What Do I Do Now?

A few weeks ago, a gentleman emailed me because he had read an article I wrote a couple of years ago.  This gentlemen planted a 20 acre tract not quite 20 years ago.  He now wants to thin or final harvest the tract and is having trouble finding someone to do so because of the small size.

Below is a summary of my opinion and comments I provided him that are based on our family’s experiences as a timber landowner.  Hopefully they may be useful to others in similar situations.

    • Finding loggers for smaller tracts is not unusual as the logging force has contracted since 2008.
    • Expenses for a logger in time,  insurance, liability issues, permits, etc. make it almost impossible for tracts of 20 acres or less to be worked economically.
    • We have the same situation with individual stands that are small but within larger tracts.  We will have to wait past economic maturity to harvest those smaller stands when the larger stand is ready to be harvested.
    • When planted 20 years or so ago, there were many more small loggers that could handle smaller tracts.  My ancestors harvested many of these sized tracts with chain saws and a small dozer.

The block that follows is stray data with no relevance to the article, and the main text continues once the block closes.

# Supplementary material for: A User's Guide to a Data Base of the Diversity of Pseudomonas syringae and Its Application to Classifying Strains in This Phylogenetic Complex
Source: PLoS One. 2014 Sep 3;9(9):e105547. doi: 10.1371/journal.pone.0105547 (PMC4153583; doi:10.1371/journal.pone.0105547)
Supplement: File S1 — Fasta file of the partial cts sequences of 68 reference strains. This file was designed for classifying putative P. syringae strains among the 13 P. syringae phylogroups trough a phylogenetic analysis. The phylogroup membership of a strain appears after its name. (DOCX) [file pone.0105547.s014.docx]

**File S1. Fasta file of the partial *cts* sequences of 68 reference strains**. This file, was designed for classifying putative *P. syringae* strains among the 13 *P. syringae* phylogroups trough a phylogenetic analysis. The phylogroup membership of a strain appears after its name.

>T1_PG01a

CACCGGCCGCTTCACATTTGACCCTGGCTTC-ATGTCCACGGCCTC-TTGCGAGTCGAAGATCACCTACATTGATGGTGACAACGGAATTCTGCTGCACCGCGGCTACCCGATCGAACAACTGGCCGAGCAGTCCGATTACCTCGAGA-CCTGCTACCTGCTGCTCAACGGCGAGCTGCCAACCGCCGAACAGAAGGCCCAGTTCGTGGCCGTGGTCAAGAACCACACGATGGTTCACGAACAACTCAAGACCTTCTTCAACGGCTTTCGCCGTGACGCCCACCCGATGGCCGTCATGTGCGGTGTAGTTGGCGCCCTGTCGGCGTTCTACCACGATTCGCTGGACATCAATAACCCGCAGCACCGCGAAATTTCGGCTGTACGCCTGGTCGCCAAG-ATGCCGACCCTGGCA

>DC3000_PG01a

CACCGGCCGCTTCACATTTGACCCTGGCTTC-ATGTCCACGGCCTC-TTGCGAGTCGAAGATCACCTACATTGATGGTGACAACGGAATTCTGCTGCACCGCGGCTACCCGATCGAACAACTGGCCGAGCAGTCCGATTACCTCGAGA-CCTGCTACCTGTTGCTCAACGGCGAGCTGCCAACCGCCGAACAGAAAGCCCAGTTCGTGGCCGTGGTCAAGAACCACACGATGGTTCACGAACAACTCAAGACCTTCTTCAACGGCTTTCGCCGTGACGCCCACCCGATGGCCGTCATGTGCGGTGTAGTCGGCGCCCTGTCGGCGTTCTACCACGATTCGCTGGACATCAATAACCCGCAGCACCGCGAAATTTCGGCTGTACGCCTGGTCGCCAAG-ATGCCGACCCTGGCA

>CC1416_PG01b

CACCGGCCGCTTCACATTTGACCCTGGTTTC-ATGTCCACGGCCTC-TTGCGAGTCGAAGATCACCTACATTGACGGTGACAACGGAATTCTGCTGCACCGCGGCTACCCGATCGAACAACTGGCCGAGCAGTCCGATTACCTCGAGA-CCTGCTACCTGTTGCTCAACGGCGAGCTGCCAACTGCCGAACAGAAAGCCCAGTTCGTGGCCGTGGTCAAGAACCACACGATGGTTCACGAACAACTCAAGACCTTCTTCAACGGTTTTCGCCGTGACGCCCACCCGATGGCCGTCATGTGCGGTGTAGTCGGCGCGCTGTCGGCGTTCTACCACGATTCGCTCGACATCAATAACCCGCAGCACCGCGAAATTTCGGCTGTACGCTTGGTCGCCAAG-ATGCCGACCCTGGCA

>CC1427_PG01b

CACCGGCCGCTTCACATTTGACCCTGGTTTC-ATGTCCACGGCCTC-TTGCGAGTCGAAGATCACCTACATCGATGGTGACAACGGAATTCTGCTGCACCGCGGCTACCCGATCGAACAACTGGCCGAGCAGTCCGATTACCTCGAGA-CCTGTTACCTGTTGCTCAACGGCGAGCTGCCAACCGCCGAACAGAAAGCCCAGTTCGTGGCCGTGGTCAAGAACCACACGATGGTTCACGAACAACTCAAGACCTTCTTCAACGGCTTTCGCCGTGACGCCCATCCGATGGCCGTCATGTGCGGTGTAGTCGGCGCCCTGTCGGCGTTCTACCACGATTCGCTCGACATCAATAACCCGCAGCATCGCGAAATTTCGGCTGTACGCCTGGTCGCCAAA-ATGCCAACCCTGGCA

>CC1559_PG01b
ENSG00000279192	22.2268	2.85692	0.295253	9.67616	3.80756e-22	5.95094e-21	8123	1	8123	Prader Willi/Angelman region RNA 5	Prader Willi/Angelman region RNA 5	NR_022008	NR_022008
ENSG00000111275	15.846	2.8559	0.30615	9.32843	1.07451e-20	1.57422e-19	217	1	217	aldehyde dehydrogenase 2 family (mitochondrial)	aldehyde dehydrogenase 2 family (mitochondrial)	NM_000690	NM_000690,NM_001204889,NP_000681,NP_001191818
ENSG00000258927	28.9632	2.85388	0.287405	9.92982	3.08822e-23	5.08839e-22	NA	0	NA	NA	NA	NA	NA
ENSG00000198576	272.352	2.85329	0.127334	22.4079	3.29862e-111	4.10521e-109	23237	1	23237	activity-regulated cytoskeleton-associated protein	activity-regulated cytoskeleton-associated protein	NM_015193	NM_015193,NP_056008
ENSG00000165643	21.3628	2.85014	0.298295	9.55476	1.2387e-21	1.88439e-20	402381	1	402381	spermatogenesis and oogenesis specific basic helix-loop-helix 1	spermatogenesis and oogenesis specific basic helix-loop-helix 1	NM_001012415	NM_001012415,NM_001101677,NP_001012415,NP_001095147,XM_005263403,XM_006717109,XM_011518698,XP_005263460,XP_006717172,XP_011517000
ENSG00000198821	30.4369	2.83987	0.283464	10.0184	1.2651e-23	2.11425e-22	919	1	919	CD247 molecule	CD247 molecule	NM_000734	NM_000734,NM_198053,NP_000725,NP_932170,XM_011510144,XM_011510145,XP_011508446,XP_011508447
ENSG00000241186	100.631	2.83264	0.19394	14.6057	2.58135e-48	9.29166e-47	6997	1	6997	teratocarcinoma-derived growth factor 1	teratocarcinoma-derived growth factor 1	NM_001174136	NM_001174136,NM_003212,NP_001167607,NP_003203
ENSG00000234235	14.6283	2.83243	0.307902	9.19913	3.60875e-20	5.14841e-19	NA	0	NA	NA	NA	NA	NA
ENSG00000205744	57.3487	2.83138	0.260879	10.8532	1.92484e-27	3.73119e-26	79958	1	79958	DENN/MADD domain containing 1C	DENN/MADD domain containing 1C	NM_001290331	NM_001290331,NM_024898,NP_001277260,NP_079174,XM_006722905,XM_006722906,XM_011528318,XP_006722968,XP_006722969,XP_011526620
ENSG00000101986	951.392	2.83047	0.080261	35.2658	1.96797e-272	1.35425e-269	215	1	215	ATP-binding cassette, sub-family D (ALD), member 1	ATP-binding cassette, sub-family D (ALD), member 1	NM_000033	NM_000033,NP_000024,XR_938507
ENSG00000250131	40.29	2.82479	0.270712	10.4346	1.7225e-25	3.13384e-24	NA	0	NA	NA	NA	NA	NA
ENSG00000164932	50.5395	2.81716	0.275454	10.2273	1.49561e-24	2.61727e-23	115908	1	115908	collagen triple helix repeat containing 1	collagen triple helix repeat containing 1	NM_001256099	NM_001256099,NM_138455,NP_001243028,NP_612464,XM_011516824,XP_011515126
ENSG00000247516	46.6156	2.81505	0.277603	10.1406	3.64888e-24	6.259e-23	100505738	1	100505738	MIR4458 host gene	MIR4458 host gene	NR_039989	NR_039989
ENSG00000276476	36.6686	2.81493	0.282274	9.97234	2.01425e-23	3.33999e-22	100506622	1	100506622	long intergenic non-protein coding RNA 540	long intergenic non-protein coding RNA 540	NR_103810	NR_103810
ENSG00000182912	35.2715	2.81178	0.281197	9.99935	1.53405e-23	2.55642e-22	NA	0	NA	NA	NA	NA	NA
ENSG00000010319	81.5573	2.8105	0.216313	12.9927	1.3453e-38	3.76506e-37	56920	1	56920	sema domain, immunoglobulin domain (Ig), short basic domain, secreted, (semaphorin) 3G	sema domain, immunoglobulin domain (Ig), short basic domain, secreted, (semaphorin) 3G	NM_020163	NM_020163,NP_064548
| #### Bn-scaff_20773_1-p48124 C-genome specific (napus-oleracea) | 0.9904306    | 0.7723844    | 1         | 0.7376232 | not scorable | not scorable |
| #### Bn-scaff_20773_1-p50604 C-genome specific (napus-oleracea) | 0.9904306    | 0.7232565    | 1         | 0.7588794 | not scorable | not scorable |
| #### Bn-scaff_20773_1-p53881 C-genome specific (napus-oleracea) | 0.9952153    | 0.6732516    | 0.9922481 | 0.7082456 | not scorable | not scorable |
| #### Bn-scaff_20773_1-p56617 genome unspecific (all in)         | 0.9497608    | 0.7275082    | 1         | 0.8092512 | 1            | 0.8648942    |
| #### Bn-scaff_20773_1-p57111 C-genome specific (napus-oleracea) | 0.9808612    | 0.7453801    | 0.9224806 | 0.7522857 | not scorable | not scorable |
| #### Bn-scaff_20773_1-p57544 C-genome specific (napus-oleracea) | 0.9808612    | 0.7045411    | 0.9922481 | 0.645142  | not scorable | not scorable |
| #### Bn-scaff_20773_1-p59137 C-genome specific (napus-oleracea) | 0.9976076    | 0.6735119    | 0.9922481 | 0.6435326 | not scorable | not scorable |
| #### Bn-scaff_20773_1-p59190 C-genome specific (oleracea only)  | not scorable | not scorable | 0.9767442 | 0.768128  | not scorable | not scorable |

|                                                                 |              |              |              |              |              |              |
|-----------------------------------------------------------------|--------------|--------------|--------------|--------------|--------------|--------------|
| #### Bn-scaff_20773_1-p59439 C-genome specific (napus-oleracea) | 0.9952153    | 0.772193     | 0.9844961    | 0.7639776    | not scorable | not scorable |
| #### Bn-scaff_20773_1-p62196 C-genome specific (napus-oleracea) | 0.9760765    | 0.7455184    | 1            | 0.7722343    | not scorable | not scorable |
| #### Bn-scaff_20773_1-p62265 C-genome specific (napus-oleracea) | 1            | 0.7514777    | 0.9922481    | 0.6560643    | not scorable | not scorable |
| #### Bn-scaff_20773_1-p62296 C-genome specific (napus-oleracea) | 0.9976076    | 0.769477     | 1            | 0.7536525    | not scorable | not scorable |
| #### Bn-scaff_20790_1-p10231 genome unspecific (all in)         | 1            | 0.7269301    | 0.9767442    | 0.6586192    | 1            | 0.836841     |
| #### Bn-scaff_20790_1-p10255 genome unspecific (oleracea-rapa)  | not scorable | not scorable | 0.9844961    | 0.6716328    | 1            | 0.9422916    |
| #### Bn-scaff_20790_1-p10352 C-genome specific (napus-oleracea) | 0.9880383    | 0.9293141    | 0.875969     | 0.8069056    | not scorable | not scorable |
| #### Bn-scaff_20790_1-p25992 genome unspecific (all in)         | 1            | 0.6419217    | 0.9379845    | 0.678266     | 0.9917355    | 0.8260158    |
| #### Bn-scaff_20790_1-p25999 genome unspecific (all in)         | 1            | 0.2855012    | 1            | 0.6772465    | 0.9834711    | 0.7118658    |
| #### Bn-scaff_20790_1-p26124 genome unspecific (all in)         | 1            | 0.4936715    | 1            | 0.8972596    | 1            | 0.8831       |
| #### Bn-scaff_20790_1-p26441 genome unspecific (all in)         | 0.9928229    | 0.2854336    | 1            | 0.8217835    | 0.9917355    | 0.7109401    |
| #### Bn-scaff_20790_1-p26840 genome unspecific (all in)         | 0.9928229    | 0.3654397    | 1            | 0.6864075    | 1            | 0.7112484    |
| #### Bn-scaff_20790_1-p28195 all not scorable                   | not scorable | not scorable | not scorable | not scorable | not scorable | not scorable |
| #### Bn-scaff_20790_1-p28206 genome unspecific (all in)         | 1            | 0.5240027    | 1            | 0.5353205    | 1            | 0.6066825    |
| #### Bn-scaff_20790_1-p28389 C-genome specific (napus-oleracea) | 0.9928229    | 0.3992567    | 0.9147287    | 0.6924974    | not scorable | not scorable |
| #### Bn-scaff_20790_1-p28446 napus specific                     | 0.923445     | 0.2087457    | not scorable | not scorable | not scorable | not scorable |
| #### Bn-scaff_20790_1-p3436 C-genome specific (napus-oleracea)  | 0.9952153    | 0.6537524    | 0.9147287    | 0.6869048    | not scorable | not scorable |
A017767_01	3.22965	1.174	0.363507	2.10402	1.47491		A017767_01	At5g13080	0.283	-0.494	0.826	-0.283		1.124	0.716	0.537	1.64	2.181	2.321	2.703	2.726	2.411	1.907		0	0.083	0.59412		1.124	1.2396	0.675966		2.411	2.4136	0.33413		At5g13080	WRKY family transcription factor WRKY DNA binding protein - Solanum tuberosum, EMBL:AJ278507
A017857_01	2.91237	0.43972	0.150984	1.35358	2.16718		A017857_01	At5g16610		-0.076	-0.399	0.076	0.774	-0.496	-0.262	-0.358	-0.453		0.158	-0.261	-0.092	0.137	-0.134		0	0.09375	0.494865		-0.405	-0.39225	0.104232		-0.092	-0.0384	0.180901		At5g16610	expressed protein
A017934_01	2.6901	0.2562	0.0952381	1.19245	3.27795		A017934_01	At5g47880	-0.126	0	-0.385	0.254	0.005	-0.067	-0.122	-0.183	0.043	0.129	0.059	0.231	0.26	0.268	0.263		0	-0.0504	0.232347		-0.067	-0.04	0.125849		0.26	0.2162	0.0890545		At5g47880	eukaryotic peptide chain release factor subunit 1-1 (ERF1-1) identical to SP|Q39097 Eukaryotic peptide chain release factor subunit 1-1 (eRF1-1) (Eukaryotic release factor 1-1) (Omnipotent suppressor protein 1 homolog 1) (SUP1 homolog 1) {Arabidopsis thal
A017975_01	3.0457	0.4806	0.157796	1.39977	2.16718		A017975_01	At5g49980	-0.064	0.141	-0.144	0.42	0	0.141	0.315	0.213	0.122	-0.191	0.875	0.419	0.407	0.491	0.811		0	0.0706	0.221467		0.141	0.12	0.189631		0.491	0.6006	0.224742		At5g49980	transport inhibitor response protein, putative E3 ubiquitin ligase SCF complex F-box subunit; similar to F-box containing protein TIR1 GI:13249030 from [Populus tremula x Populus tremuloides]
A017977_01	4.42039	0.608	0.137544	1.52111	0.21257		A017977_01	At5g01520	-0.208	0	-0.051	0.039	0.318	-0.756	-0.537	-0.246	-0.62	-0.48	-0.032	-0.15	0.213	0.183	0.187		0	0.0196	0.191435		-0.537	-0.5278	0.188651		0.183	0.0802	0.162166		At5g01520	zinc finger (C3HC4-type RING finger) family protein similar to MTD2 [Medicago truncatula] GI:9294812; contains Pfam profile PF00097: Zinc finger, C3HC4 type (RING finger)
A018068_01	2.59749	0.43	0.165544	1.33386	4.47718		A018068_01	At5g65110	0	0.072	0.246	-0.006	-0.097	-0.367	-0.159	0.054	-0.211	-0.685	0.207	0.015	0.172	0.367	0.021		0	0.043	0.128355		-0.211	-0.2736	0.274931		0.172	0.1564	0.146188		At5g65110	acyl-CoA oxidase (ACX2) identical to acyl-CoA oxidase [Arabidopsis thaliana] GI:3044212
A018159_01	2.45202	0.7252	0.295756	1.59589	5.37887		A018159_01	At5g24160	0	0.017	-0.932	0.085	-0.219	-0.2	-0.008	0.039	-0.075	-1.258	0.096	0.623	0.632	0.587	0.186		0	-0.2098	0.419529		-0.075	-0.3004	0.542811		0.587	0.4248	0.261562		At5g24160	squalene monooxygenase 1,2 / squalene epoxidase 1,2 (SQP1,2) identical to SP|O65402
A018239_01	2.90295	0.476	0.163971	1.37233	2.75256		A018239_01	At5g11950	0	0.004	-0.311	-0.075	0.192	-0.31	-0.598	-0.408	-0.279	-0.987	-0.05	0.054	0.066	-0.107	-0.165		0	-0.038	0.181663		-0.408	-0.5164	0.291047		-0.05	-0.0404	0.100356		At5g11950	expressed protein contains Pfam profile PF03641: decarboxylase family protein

• Now loggers use large equipment that may have trouble maneuvering efficiently in smaller tracts.John Deere skidder-feller
    • I suggested he might consider hiring a private, local forestry consultant to help manage the tract, help decide if harvesting is needed and how soon, and hopefully tie the tract to a timber sale with a larger, nearby tract.
    • I also suggested he contact his Cooperative Extension Service forestry agent or state forestry commission forester for information about local loggers, local consultants, and other possible options.
    • As a last resort, I suggested he might consider  selling the tract to a neighbor as the best way to realize the expected economic benefit.

Forestry management is inherently a long term proposition.  Be sure to try to anticipate what the situation will be in the future as you make your management decisions today.  We attend educational seminars and meetings on forestry management as one way to gain useful information to help us make those decisions.

This situation is another reason that family meetings, discussion of all options with the family, and detailed records can help the next generation understand why and how things were done in the past as they face situations a long time in the future.  The challenge of dealing with decisions today that may not be of benefit for many years is one reason we enjoy working with timberland.

Photos courtesy of John Deere Forestry Equipment.
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